Many churches may be satisfied with defining “a church for all peoples” as meaning, “a separate church for each people group.” But I found it increasingly difficult to justify this position.
- Webinar: Through the WallThu Jan 28 2021, 02:00pm EST
- Three Easy Ways to Drive InnovationThu Feb 11 2021, 02:00pm EST
- Three Steps to Kickstart Your Fund Development ProgramTue Feb 16 2021, 03:00pm EST
- Webinar: Innovating Theological Education: How BibleMesh can Prepare your Staff for MinistryThu Feb 25 2021, 02:00pm EST
- Association Leaders GatheringTue Mar 2 2021, 08:30am EST
The paradigm shift in missions from a primarily Western to a now-global phenomena is profound and far-reaching, particularly for the leadership of traditional mission agencies.
In the 1970s, about the time that I started paying attention in our youth group Sunday School class, we studied Fritz Ridenhour’s book about world religions: So What’s the Difference? In those days, however, most of us thought of people of Jewish faith, Hindus, Buddhists, Sikhs, and Muslims as exotic “over there” people. They lived in far-away places with unusual foods, attire, and worship centers. I daresay there was no one in our suburban youth group who actually knew a follower of these religions.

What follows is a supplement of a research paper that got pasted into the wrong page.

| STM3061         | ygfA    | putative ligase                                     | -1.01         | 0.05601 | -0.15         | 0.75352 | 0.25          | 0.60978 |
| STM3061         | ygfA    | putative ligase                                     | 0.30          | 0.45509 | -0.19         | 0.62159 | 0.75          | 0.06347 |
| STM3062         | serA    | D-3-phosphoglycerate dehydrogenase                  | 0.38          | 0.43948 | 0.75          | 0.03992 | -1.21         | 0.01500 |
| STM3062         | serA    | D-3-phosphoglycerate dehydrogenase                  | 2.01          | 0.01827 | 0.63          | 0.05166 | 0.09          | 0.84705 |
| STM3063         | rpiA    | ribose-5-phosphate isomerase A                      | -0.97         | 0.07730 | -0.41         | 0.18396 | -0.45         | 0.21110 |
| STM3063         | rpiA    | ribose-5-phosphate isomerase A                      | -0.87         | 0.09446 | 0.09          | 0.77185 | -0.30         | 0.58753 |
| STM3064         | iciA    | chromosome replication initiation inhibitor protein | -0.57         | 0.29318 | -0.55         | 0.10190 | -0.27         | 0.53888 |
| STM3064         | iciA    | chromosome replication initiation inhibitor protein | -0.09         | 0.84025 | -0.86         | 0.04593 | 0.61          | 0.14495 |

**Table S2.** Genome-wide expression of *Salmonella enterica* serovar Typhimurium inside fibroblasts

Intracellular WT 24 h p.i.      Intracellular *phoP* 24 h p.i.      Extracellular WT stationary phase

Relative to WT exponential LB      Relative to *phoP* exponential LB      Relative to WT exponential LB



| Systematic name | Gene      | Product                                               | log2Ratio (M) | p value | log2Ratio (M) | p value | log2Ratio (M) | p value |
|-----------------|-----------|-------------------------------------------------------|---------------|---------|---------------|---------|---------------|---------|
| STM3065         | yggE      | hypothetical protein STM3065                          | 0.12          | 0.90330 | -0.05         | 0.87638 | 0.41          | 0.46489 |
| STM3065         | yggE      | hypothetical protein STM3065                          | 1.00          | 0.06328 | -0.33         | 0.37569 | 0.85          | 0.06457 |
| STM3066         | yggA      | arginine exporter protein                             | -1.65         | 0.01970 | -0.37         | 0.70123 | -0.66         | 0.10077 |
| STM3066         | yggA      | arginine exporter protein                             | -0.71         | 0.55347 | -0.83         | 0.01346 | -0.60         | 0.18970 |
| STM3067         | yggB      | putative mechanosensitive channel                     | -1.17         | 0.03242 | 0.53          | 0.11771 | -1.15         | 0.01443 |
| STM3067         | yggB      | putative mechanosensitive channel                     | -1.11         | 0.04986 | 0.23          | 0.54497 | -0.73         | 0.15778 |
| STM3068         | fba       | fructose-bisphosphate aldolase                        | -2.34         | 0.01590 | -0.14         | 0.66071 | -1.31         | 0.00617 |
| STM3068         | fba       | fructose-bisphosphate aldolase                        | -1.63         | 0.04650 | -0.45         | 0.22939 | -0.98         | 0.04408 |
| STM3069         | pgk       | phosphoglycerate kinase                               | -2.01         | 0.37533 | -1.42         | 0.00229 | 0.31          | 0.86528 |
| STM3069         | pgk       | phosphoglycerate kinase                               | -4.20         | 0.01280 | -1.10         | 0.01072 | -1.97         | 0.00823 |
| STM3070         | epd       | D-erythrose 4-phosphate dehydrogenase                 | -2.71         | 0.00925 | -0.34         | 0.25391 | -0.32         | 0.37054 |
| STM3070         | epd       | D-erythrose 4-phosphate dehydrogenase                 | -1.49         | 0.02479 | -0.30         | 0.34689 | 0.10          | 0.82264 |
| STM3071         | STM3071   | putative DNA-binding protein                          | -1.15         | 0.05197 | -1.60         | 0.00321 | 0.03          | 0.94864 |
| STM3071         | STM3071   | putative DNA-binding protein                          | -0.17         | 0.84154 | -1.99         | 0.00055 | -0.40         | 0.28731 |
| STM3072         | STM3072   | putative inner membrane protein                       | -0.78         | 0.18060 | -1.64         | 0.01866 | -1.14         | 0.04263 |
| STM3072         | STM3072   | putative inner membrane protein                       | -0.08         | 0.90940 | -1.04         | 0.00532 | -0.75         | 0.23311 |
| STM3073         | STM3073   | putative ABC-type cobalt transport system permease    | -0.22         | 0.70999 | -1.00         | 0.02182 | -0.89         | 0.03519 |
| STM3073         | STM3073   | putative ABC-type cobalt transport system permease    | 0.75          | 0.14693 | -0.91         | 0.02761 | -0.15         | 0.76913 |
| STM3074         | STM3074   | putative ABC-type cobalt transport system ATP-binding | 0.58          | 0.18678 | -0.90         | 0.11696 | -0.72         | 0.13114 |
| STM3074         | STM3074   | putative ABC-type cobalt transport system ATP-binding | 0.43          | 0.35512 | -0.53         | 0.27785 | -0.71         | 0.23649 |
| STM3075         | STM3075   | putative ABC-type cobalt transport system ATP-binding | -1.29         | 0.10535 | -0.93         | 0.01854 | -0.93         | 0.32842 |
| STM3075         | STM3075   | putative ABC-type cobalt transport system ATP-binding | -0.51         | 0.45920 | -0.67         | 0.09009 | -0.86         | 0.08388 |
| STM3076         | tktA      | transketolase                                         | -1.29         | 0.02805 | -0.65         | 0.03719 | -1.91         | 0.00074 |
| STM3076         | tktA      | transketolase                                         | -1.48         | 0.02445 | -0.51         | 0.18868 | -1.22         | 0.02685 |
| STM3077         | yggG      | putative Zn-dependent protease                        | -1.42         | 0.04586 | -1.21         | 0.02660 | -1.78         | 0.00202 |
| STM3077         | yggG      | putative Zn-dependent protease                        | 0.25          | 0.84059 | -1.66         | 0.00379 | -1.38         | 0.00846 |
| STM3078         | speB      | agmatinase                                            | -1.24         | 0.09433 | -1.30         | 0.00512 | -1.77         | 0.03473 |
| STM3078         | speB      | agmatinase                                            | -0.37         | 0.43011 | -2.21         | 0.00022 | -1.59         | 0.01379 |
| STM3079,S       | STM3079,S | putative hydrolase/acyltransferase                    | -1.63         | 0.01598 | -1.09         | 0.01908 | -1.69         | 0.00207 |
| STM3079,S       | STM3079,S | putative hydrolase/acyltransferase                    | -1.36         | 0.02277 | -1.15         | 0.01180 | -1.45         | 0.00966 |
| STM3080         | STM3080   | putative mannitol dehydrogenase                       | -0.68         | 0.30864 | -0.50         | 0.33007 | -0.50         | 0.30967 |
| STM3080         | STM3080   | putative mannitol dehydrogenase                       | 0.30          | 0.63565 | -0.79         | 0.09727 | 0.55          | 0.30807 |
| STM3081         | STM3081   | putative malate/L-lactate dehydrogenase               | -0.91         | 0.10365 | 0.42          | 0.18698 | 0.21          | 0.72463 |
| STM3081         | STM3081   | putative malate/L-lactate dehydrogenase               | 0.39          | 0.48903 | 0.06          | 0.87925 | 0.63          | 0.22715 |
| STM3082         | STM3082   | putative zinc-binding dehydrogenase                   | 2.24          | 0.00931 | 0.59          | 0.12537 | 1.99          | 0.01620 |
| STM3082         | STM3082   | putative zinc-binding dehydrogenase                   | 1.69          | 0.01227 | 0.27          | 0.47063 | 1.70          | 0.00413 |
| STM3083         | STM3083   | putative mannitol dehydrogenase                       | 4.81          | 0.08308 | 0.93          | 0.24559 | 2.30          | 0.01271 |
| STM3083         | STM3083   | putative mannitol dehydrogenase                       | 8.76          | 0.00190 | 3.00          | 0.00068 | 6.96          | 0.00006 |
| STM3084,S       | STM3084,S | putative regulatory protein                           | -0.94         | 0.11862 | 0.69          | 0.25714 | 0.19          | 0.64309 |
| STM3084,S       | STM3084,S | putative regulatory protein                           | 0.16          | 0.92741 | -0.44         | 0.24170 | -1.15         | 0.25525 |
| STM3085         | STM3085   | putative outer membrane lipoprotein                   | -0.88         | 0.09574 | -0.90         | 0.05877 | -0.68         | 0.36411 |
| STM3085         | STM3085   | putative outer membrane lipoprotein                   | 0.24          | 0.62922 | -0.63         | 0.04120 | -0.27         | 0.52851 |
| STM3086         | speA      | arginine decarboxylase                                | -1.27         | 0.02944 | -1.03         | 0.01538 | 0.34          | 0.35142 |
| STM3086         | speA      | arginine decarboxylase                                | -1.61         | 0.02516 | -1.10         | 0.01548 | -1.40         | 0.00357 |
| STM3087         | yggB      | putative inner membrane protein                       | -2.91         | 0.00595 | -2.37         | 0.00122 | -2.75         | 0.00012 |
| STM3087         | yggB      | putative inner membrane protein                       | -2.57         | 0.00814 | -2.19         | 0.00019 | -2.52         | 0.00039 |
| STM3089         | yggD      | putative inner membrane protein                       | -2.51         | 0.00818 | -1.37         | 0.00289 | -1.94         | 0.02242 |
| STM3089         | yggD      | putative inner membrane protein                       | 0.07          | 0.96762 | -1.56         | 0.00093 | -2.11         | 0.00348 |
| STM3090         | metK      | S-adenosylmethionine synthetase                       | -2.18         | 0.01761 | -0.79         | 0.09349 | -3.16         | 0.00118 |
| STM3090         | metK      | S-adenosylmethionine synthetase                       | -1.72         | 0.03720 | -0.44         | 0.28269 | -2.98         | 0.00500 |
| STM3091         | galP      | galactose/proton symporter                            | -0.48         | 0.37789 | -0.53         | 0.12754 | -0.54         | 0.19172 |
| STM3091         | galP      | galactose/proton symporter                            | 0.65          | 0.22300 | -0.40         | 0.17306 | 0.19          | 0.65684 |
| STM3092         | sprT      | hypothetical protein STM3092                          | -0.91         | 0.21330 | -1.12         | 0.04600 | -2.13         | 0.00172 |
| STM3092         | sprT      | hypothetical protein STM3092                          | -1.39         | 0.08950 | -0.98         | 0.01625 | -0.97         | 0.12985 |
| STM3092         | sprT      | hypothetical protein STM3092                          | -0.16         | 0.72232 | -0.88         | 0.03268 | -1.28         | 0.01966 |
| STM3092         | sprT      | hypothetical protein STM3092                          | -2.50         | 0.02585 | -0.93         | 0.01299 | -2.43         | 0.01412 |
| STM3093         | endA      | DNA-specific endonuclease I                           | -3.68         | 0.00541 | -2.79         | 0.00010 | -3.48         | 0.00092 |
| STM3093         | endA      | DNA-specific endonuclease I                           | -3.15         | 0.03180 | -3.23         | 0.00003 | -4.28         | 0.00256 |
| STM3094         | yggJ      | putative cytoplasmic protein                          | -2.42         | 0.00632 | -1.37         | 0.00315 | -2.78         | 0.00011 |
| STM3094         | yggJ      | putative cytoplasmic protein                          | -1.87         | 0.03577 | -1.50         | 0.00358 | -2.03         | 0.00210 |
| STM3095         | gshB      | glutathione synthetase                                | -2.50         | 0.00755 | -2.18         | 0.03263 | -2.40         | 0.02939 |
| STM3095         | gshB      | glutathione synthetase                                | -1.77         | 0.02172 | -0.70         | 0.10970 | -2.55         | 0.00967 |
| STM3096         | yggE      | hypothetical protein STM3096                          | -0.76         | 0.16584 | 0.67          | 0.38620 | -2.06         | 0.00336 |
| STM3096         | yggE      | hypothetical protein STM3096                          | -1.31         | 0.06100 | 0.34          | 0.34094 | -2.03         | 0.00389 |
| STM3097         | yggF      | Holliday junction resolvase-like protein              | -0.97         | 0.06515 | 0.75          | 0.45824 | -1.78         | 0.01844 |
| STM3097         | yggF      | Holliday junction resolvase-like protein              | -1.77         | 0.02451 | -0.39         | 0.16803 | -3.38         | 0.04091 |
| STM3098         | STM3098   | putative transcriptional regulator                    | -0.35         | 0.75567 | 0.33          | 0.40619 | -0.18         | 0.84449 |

—Reviewed by W. Stephen Gunter, associate dean and research professor of evangelism and Wesleyan studies, Duke Divinity School.
—Reviewed by George Beals, global impact pastor, Central Wesleyan Church, Holland, Michigan.
Who is God?” It’s the most basic question, but one that is frequently lost sight of in discussions about insider movements and the contextualization of ministry to Muslims.
—Reviewed by Larry Poston, professor of Religion, Nyack College.
Church planters must reckon with the problem of how to stimulate Muslims to think creatively outside the boundaries put down by the community.
—Reviewed by Ezekiel O. Ajani, Trinity Evangelical Divinity School, Deerfield, Illinois.
A group of graduate students uncover theologies
of Asian-Americans at the grassroots level.